Frequently Asked Questions

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We are asking Summit County voters who agree to sign our initiative petition to get an ordinance on the ballot for November voting.
This is not a vote for or against the issue. It is just your signature noting that you agree that this is an issue that Summit County voters should have the opportunity to vote on.

We are proposing specific policies and guidelines that would help to ensure our tax dollars are being used to run the Summit County Animal Shelter in the best way possible. This ordinance would require require Summit County Animal Shelter to follow these guidelines to avoid returning to this state of dispute in the future. Here are the main points:

1. To implement basic animal impoundment, redemption, and sterilization standards

a. may not redeem an animal to its owner if it has been impounded two or more times without the animal first being sterilized if the animal is medically cleared for the sterilization.

b. must offer an animal owner redeeming an unsterilized animal sterilization service and provide each animal owner redeeming an unsterilized animal with a written list of sterilization providers in or around Summit County. If the redeemer chooses to sterilize during impoundment, fees will be waived

c. animal must be microchipped before redeeming

2. To implement basic shelter reporting and evaluation procedures

3. To standardize animal ownership requirements, including breed neutral

4. To implement basic adoption and euthanasia avoidance programs

5. To provide for penalties for noncompliance

6. Permit owner surrenders with fees no higher than $75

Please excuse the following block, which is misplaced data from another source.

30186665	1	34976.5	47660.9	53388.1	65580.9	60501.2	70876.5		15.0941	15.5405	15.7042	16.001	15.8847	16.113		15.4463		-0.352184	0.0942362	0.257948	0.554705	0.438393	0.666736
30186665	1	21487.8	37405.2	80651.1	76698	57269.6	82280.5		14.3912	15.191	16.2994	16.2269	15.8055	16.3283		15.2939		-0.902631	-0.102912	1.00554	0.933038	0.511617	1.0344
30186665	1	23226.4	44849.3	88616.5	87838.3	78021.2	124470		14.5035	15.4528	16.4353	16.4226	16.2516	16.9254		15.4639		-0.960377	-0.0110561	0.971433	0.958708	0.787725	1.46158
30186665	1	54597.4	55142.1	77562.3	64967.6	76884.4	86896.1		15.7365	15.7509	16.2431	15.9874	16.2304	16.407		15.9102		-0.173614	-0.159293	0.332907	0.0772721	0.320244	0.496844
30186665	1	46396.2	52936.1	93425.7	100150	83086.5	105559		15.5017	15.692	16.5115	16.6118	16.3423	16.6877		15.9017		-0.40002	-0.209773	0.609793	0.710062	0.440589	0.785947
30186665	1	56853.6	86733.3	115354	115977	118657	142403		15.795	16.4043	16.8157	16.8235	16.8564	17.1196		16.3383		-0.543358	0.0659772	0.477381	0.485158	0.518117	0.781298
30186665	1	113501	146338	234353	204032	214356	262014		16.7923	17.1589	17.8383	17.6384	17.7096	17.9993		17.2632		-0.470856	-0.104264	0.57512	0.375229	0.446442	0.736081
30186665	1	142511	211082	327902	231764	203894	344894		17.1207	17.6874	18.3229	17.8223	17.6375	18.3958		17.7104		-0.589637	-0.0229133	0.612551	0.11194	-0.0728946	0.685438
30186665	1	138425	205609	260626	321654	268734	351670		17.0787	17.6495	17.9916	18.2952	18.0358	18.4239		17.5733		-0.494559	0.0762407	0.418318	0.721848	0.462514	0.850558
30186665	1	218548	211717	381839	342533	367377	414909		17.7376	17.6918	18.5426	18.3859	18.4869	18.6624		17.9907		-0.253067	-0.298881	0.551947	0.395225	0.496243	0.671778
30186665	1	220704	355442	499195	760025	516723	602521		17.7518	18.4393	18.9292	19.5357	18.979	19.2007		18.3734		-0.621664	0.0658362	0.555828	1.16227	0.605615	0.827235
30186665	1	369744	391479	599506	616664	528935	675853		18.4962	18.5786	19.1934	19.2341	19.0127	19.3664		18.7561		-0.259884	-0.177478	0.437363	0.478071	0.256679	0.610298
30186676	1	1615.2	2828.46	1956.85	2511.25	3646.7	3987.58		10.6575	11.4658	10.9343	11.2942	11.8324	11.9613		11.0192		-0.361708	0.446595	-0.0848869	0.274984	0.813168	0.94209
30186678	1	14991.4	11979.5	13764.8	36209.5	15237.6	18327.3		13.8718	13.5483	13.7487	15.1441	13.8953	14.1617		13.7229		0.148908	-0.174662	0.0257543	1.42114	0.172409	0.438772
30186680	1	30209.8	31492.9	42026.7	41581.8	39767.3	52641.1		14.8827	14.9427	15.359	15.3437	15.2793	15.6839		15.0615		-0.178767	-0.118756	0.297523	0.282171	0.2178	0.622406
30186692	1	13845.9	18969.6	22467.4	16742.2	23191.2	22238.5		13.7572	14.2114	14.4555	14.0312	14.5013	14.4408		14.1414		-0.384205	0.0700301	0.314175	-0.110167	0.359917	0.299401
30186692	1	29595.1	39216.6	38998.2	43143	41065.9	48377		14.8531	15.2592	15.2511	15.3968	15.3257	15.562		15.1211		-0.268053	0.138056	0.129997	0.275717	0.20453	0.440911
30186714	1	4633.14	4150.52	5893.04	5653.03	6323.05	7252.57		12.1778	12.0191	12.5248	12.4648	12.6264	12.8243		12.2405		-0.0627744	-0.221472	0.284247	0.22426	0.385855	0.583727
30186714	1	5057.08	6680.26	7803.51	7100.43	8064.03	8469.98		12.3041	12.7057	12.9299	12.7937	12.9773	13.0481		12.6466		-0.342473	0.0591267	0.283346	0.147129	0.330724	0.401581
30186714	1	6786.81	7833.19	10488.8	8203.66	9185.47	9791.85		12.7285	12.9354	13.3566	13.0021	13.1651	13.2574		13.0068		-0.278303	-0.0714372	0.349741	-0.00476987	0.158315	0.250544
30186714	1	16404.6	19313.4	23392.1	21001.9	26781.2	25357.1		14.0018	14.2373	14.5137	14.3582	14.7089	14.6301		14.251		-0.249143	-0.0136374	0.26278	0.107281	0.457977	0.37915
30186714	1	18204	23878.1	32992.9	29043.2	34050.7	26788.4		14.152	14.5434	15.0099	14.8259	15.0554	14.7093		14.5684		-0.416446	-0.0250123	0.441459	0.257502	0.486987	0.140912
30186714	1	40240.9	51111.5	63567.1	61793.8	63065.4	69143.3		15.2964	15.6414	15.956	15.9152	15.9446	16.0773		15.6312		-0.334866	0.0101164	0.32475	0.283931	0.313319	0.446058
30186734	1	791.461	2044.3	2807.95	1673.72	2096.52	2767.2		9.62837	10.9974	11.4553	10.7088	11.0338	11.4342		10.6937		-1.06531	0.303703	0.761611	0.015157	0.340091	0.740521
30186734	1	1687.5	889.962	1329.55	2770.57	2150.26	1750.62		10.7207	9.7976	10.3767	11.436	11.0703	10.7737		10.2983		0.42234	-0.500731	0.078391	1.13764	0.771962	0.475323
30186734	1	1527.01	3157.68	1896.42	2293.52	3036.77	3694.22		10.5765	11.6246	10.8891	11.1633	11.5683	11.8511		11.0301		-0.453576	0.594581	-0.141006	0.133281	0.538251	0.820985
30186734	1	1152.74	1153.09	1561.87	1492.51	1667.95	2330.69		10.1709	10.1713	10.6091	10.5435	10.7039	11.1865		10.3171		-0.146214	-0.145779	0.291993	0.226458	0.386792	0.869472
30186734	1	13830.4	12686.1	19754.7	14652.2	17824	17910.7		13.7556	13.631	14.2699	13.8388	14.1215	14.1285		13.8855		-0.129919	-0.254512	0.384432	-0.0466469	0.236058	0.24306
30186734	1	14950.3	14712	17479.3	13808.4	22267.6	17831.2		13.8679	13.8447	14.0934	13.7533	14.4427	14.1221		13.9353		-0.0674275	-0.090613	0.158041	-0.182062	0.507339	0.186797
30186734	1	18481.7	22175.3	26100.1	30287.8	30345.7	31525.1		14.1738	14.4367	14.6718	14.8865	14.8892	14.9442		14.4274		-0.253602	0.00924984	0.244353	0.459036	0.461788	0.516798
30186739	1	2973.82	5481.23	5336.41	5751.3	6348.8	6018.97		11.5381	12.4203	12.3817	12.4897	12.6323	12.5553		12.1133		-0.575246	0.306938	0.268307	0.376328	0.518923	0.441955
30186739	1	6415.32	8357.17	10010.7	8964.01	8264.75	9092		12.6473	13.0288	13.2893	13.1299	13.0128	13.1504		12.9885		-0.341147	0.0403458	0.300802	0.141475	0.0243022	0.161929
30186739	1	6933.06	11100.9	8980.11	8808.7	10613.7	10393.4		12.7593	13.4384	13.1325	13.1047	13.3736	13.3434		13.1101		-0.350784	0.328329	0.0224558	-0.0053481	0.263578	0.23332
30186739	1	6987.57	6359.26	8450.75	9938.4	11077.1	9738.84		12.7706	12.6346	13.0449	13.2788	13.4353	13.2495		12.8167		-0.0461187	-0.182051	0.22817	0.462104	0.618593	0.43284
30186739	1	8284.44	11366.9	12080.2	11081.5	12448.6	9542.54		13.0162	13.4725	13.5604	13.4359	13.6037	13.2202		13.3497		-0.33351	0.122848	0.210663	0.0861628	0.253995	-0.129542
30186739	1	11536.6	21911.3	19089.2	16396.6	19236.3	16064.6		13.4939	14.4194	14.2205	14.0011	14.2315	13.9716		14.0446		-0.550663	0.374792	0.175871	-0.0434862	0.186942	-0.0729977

7. Summit County municipality, village, and township and county law enforcement officers to have access to its facility at all times to impound stray animals

8. Maintain public open hours

9. Provide annual reports of all animal types including impoundment numbers, euthanization numbers, live release rate, adoption rates, returns, animals who died, etc.

10. Shall undergo a comprehensive shelter management/animal care evaluation yearly.

11. All animals must be available for adoption to public or other rescue once animal is sterilized (provided they are medically cleared to be sterilized)

12. Right to Rescue – Prior to 2 days before euthanization, all rescues who are on notice will be notified of the euthanization and have the option to rescue

13. No municipality, village, or township shall enact, nor enforce any law that bans or restricts ownership or keeping of a dog or cat based on its breed or perceived breed.

We definitely don't! We just want to see Summit County Animal Control move back to pre-Covid policies and improve in areas that will truly make a difference for the animals in their care, as well as strays in our community.

In previous years, volunteers worked with the animals to clean cages, fill water bowls, provide toys for enrichment, walk them, engage with a local running club to take the dogs on runs and to the park. There are many ways volunteers can help to make things easier for the employees and the animals in their care!